The test was for me to see how Comodo and Mamutu work together and to see how Mamutu does alone in the same tests. If you'd like to try to improve the test (to work towards those specific goals) I'm open to it. I still have a VM set up after all it's not super hard for me to do.

    As for "empty numbers without value" that's a matter of opinion. If I have a piece of software block 10% of the malware I download and a piece of software block 50% of the malware I download... guess which one I'm going to be using?

    edit: If you have suggestions for a new test, really, feel free to make them. I can use a new malware index and choose another 15 (or a different number?) malicious files to run. I honestly don't see how I can make it more "real world" than this.
     
    Last edited: Jul 15, 2011
  12. icr

    icr Registered Member

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    There are many programs that are virtual machine aware, I mean when executed in vm it won't cause any activity rather than give an error while if same program is run in actual host machine then it would be different case all together.

    Primarily these are normally rootkits or sometimes even rogue applications that are coded in such a way that they can detect the target machine:ouch: where it is getting executed.

    BTW nice test but rather being informal as you said for yourself, but do try to make some points out of all the suggestion that everyone made.

    My suggestion : always make a backup copy of anything that you are doing be it a bad file, it will help you in pointing out whether its actually a bad file or not;)
     
    Last edited: Jul 15, 2011
  13. Hungry Man

    Hungry Man Registered Member

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    Working outside of a VM isn't an option (I have an XP computer I could do this with but cleanup would be such a pain since it's old.) All of the malware tested either ran and installed or was blocked, if it were vm-aware it wouldn't have run at all (I don't think.) That's why I doubt any of it was.

    I'm not really sure what suggestions anyone has made so far... outside of Emsisoft's original idea to submit the files afterwards, which I'll happily do next time I get the chance to test. As for making the test viable/ more realistic I haven't seen any suggestions for improvement.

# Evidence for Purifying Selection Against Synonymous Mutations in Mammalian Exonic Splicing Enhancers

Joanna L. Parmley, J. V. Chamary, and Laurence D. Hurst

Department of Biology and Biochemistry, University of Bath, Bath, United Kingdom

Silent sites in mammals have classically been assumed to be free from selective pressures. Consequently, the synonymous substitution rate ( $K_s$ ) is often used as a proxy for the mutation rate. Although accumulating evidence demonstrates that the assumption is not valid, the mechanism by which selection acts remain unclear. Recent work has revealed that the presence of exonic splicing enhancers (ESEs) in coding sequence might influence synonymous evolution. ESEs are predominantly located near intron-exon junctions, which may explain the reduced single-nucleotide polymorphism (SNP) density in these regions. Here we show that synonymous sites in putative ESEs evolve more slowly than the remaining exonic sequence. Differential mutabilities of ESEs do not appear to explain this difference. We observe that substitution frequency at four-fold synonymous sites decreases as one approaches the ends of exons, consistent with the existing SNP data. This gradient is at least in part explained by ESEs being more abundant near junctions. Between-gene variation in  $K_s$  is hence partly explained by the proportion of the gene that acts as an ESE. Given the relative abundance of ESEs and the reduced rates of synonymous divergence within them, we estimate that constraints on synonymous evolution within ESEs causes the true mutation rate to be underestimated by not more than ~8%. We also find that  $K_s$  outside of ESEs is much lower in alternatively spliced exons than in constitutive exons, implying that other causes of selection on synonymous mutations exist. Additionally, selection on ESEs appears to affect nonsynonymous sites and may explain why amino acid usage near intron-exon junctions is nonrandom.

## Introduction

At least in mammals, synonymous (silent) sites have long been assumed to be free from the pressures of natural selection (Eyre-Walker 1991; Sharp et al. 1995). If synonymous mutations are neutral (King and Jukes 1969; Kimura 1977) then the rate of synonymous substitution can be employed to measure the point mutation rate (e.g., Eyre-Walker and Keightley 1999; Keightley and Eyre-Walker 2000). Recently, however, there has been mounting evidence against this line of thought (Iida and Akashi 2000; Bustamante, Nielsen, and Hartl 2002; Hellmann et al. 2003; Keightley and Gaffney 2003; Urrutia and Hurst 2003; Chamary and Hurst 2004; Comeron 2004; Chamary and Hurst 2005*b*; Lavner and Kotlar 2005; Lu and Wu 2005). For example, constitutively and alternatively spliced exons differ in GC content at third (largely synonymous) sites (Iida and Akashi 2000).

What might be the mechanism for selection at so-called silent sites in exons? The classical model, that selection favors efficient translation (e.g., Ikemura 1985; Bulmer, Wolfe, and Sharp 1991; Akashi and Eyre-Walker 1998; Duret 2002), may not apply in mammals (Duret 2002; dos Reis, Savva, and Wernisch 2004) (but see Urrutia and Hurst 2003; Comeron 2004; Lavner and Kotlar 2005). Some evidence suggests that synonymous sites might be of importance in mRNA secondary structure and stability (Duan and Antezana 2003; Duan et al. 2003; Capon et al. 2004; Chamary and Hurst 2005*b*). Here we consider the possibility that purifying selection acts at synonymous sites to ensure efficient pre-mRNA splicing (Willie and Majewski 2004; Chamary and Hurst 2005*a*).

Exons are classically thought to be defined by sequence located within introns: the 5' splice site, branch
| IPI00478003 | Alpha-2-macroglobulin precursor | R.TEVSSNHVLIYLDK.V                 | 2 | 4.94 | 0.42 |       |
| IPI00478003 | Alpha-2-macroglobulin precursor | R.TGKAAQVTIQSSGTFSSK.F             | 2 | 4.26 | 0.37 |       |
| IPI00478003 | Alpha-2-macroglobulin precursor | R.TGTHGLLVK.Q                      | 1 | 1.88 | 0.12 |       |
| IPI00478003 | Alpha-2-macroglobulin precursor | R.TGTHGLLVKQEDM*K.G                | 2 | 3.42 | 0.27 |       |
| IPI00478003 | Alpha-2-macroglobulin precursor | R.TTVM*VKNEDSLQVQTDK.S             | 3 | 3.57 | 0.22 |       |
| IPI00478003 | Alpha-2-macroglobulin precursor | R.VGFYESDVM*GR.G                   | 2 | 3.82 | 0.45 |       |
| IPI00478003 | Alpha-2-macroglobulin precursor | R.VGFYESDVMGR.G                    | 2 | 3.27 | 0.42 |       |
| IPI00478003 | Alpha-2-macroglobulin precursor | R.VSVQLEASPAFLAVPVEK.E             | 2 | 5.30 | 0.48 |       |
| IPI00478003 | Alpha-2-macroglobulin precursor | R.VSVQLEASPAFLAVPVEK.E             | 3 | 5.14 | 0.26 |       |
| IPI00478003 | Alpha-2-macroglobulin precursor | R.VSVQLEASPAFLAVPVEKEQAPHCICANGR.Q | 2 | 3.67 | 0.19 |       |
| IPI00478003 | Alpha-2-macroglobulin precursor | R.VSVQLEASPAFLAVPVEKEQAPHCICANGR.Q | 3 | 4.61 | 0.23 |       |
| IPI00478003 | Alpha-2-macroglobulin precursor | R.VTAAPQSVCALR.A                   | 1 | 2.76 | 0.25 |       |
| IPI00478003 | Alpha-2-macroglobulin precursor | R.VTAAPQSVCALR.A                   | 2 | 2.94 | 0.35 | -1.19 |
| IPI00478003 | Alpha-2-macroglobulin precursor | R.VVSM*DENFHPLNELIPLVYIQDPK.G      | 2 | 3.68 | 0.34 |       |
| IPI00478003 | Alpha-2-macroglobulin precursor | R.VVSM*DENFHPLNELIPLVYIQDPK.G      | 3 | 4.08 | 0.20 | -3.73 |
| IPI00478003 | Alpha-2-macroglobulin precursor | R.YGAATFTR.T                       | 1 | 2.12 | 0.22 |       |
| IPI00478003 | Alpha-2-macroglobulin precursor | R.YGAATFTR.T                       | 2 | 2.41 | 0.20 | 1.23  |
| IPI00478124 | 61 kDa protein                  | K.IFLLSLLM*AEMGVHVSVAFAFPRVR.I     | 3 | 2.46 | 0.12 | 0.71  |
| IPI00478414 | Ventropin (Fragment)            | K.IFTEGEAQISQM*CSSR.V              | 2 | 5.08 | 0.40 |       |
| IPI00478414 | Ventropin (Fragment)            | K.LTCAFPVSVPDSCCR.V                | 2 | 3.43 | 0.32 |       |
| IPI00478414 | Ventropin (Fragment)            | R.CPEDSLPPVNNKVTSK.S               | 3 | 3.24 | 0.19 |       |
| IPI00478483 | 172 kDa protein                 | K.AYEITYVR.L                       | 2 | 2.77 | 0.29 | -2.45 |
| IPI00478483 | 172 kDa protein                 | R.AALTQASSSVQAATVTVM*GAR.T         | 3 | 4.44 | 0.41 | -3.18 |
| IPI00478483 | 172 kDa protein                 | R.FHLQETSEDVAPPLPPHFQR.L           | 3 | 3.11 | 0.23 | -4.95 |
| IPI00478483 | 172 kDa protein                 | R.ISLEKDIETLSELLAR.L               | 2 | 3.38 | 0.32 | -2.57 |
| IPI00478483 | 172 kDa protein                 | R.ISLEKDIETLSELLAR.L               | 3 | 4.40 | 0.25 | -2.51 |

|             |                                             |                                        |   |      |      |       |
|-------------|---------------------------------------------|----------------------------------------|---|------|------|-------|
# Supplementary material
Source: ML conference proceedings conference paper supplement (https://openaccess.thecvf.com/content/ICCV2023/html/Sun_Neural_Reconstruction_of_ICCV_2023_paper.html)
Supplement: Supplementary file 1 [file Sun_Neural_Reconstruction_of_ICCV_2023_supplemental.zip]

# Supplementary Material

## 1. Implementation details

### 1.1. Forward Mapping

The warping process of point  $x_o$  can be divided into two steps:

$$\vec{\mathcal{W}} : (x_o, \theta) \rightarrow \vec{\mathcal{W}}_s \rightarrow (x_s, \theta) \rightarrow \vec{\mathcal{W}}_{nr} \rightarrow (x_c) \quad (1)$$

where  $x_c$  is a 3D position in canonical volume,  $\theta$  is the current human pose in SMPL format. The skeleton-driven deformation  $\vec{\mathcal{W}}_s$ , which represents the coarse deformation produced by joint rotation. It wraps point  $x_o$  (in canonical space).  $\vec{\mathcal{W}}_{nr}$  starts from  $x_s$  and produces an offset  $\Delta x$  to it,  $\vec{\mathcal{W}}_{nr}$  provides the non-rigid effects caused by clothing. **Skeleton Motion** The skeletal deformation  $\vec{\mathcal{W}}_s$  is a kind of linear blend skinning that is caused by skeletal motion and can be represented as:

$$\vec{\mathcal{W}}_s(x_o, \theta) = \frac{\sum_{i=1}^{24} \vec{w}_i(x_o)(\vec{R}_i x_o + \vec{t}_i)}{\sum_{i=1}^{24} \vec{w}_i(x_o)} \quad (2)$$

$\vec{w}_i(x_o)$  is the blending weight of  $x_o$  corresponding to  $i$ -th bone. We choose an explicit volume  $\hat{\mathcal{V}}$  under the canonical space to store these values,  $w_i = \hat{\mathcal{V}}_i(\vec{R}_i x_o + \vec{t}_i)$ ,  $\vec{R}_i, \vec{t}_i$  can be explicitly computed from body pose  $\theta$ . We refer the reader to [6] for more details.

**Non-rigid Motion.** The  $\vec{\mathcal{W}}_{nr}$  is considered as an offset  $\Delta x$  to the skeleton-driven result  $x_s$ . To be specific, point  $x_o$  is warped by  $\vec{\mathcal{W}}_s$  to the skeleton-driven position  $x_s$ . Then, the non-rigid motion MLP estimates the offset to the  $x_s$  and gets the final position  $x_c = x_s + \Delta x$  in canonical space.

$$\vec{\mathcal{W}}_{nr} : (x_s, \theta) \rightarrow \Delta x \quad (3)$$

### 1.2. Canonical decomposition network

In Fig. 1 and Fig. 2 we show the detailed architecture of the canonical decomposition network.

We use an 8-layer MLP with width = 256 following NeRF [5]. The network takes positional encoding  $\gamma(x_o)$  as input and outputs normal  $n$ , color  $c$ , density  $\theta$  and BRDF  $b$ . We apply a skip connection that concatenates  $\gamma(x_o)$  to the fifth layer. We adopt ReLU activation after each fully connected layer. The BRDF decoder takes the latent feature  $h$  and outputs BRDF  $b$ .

14. subset

    subset Registered Member

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    Yes, either it's a test on a real machine or a VM test.
    And the term "real world environment" refers to more than just the use of a real machine...

    The bold text is important - if it's just for you, there is no need to publish your results.

    If you like to publish the results, your test should be reproducible, with exact informations about your testing environment and testing procedure, with MD5 hashes of the malware, samples at hand for vendors, etc. etc.
    It should simply meet the minimum requirements for a serious test.

    Do you analyze this "malware" to make sure it is real malware or do you just guess it's malware because there is a link to download this "malware"?

    Cheers
     
  15. Hungry Man

    Hungry Man Registered Member

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    Do go on...

    I'm not publishing my results as though they're golden. This isn't some av-comparatives type deal where I'm saying to purchase a product on it. And I was actually doing this for another user on notebookreview.com as well as myself as he has a similar setup to mine.

    So reproduce it? No, I dont need MD5 hashes of the malware, what a silly requirement. Perhaps you didn't not see me say "informal."

    Me personally? No. But Comodo analyzed all of it in my first test and called it malware and the site that I got it from is a malware repository... and the scanners after picked up the files as malware... hmmmmm, I wonder...
     
  16. justenough

    justenough Registered Member

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    Guess that'll teach you, Hungry Man. Doing a post about your informal test within a VM and not saving the files. It's an outrage.

    Really people, is thank you too hard to say? Of course it's a flawed test, but I'm guessing you'd be picking apart professional tests as well. Since there are not that many tests of Mamutu out there, I am glad to see what Hungry Man came up with, even though it's one guy's informal test. It fits with what I already know about Mamutu, a program I've relied on for some time now. My suggestion to the nit-pickers would be to take everything with a grain of salt, try to keep things in perspective, and over time the over-all picture comes together. At least that's how it works for me.
     
    Last edited: Jul 15, 2011
  17. icr

    icr Registered Member

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    Everyone made round about same suggestion(including Emsisoft.....) so everyone was a right word I choose;)

    BTW guess this thread is going nowhere and I don't think it will stay live for long:isay:
     
  18. saakeman

    saakeman Registered Member

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    Comodo is too good, beats anything, I tested comodo un-updated and it still sand-boxed malware left and right :D :thumb: nothing got through
     
  19. shadek

    shadek Registered Member

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    Comodo's sandbox sucks. It auto-sandbox all games... and no matter how much you report this to Comodo they won't fix it in the cloud. You'll have to manually de-activate the sandbox for the processes... and guess if it gets tiresome when you have over 230 games installed on the computer...?
     
  20. LowWaterMark

    LowWaterMark Administrator

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    As stated on the forum previously, and mentioned in this sticky topic, we do not encourage people to do home grown malware testing. Some other issues have also been mentioned in a few of the posts above. So, I'm going to close this thread.